The cruise industry is attempting to prevent its crew members from using U.S. law when they are injured or when they have been denied appropriate medical treatment.
The cruise lines’ lawyers and lobbyists have inserted language in the Coast Guard Re-Authorization Act to strip "foreign" crew members of their rights under U.S. law after they have suffered an accident or when they are a victim of bad medical care.
The prohibition strikes at the heart of cruise lines employeess. The vast majority of crew members are "foreign" (i.e., non-U.S. citizens).
Historically, non-U.S. crew members have been covered by U.S. law when they become injured and when they have been denied appropriate medical care on U.S. based cruise ships. The "maintenance and cure" doctrine, which has applied to seaman on U.S. based cruise lines regardless of the crew member’s nationality, is one of the oldest legal doctrines in the United States. It requires the cruise lines to be responsible when their ship employees become ill or injured. Without this doctrine, the cruise lines can simply terminate and abandon their crew members at the next port of call when they become ill.
The irony of the proposed legislation is that none of the major cruse Ines are U.S. corporations. Carnival, for example, is a Panamanian corporation and Royal Caribbean is a Liberian (Africa) corporation. Cruise lines are incorporated in foreign countries and register their cruise ships there in order to avoid U.S. taxes and wage and labor laws. By stripping its ship employees of their legal rights, the cruise industry will create a situation where they can avoid paying their employees’ medical bills. Foreign incorporated cruise lines will not take take adequate care of their ship employees workers. U.S. hospitals and clinics (and U.S. taxpayers) risk bearing the cost of providing medical care for non-U.S. workers.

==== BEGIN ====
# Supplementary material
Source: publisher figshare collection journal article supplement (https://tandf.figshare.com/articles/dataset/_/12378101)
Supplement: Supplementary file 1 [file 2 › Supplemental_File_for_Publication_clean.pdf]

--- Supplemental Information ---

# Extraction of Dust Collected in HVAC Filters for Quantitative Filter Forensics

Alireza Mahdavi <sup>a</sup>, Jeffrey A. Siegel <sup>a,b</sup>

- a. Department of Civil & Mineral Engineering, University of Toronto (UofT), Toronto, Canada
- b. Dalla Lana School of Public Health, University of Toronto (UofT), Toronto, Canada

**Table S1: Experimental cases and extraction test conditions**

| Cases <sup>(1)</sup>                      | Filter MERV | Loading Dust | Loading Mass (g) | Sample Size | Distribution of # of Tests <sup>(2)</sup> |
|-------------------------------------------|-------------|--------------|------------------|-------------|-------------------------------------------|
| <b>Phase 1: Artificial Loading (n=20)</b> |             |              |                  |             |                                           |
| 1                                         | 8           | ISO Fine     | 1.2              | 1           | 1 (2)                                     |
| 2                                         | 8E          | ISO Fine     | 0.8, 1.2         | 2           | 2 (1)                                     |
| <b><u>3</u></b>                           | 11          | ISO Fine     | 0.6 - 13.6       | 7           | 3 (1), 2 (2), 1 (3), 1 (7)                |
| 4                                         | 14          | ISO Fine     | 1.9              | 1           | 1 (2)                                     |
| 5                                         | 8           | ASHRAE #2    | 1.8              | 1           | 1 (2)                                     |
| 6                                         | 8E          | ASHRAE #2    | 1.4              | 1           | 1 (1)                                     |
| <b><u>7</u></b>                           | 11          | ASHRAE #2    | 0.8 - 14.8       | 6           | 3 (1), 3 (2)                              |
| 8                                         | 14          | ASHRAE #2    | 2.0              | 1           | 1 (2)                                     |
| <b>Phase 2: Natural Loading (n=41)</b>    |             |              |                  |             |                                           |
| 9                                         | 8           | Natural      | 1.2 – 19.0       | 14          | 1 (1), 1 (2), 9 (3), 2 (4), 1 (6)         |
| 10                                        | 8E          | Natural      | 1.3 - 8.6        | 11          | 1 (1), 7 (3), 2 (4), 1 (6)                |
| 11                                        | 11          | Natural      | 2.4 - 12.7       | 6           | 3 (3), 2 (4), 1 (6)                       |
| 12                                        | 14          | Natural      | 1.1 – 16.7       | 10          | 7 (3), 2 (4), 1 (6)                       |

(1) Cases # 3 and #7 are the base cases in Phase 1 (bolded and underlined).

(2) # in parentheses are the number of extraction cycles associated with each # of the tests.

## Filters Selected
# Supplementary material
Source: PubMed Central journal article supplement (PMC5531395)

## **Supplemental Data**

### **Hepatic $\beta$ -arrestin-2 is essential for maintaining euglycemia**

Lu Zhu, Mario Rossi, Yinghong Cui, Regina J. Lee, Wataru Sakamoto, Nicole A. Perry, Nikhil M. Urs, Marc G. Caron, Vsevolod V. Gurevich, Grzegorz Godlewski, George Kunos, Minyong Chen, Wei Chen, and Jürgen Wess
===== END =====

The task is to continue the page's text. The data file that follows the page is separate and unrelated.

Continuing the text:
The efforts of the cruise industry to kick crew members out or the U.S. are unnecessary. Cruise lines have already been successful in forcing crew members to resort to international arbitration where many arbitrators apply non-U.S. law to crew member cases. In addition, many maritime cases are already thrown out of U.S. courts. Procedures already exist for the dismissal of cases that do not belong in U.S. courts. For example, when a foreign seaman is injured by the owner of a foreign-flagged vessel, owned and operated outside of the U.S., and the injury occurs outside the U.S., the doctrine of f"orum non conveniens" will result in the dismissal of the case.
In Florida, we are calling the office of Florida Senator Nelson (202) 224-5274 and asking him to oppose the cruise industry’s efforts. If you care about the welfare of crew members, please contact your Senator and do the same.